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'The world’s food system is broken and is not serving its population well'

Local food initiatives could be one of the solutions to the hunger being suffered by large parts of the world’s population, writes Jonathan Wheeler.

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'The world’s food system is broken and not serving its population well'

They are needed because the world’s food system is broken and not serving its population well, said one of the world’s leading authorities on the subject.

 

Professor Jose Graziano da Silva, Director of the United Nations’ Food and Agriculture Organisation from 2012 to 2019, was speaking at a Feed Beacon event staged by Nottingham University.

 

That disfunction was best exemplified by the fact that 820 million people were starving, while 830 million people were obese, and a further two billion people over-weight.

 

The irony was that the world produced enough food, but 30 pr cent of it was wasted, mostly in harvesting, storage and transport.

 

Prof da Silva led Brazil’s Zero Hunger programme, a scheme he suggested might provide a template for other countries.

Under it, schools and public institutions committed to buying a portion of their food from local suppliers:

 

“In some schools the children of farmers were eating the food their own family had grown."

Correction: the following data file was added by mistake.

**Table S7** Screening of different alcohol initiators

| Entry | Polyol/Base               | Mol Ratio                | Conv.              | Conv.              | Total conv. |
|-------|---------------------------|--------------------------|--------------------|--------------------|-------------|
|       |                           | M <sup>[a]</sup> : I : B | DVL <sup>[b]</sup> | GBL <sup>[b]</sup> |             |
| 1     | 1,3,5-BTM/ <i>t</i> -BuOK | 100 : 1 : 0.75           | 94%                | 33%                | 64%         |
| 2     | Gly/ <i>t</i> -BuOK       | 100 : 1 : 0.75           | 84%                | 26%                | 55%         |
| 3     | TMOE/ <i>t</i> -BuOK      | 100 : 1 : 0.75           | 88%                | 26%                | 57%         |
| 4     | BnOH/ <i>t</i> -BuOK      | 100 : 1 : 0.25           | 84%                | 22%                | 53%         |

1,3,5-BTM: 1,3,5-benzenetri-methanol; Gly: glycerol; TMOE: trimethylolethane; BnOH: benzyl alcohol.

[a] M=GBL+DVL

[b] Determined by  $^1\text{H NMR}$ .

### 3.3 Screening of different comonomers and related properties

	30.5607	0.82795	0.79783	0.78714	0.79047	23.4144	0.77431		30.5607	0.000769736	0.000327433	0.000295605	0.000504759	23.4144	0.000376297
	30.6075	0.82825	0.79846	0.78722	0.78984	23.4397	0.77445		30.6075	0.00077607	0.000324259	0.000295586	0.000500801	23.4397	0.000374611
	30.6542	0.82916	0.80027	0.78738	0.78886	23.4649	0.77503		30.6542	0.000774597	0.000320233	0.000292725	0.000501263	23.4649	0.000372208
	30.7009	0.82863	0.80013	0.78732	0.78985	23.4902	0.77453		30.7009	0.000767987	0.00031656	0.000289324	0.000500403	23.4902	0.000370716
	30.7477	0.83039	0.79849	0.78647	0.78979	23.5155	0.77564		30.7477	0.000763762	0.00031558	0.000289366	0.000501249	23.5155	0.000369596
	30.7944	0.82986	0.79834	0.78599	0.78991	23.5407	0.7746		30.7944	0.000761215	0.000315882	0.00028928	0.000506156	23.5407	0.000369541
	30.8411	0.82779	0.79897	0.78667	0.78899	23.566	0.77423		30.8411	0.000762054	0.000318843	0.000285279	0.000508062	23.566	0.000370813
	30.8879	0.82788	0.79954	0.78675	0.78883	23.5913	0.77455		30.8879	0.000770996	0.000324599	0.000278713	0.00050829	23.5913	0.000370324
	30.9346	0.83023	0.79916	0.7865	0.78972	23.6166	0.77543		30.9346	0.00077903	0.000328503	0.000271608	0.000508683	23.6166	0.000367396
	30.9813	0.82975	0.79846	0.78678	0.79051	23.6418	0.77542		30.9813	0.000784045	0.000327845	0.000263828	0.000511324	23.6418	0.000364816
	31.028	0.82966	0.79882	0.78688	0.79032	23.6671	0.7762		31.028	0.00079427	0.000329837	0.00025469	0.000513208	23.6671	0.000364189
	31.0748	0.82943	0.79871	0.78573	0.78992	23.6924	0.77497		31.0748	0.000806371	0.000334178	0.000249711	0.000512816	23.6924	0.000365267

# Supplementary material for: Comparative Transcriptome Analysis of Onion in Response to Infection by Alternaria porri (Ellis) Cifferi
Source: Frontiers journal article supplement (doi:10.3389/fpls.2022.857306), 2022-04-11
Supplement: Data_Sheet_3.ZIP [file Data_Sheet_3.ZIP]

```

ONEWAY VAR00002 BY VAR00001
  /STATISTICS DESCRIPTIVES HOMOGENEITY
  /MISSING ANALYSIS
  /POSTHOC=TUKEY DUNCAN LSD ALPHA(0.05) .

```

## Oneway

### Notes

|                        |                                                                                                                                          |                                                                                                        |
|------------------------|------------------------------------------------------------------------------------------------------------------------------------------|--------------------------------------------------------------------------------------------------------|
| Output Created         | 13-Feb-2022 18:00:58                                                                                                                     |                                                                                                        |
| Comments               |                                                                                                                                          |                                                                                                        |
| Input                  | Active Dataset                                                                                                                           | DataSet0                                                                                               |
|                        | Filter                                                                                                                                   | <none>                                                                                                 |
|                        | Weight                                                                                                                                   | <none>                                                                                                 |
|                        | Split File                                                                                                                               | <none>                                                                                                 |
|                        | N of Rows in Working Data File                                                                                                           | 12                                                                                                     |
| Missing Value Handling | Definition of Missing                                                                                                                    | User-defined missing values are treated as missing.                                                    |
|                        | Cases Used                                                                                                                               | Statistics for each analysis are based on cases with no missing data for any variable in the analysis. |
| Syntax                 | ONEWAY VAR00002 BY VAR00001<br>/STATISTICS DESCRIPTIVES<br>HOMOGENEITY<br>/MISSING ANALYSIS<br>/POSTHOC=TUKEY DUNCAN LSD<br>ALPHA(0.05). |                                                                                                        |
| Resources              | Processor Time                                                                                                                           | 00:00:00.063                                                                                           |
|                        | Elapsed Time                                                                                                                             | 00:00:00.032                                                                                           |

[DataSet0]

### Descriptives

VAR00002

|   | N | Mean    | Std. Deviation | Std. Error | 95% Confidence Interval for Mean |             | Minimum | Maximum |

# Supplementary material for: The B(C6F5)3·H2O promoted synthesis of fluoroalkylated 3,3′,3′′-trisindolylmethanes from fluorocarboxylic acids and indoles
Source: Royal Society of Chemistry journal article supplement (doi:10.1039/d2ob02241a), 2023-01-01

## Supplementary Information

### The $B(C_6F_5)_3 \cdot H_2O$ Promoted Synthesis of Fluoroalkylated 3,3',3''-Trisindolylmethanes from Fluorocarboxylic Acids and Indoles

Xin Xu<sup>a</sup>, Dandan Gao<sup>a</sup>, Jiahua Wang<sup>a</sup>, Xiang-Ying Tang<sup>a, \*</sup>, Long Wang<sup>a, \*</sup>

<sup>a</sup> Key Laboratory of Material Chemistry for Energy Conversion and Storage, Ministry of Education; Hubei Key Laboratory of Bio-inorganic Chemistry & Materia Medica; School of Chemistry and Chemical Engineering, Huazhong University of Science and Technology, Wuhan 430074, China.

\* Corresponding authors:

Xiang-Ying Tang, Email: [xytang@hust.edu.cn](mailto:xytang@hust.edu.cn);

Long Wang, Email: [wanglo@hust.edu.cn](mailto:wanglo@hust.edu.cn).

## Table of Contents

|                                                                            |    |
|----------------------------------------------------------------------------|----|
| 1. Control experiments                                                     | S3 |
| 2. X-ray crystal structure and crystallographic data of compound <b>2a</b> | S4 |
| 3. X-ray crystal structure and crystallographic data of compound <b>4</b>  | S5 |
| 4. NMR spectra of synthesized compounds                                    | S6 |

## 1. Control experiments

He suggested many of the solutions lay in the cities where the majority of people lived and food was eaten:


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“We need to do much more at a local level and in cities to provide locally produced, fresh food.

 

“One of the best parts of the Zero Hunger programme in Brazil was enabling schools to buy locally produced food.

 

“Instead of the entire system being centralized, we de-centralized it and gave the money to the schools so they could buy in their own neighbourhood – sometimes from the families of their own students”.

 

Other benefits of the programme included that the children liked it and learned more about food production:

 

“It is also a way to stimulate local farmers. Don’t think of them as a problem; think of them as a solution. They can produce the fresh food their communities need."

 

He suggests the world needs to examine fresh food sources, including a greater variety of livestock, and the oceans that cover 70% of the world’s surface but provide 2 per cent – 3 per cent of the food.

 

At the moment 80% of the world’s diet is based on just five food types – wheat, maize, soya, grass and potatoes – and these receive 100% of current research funding.

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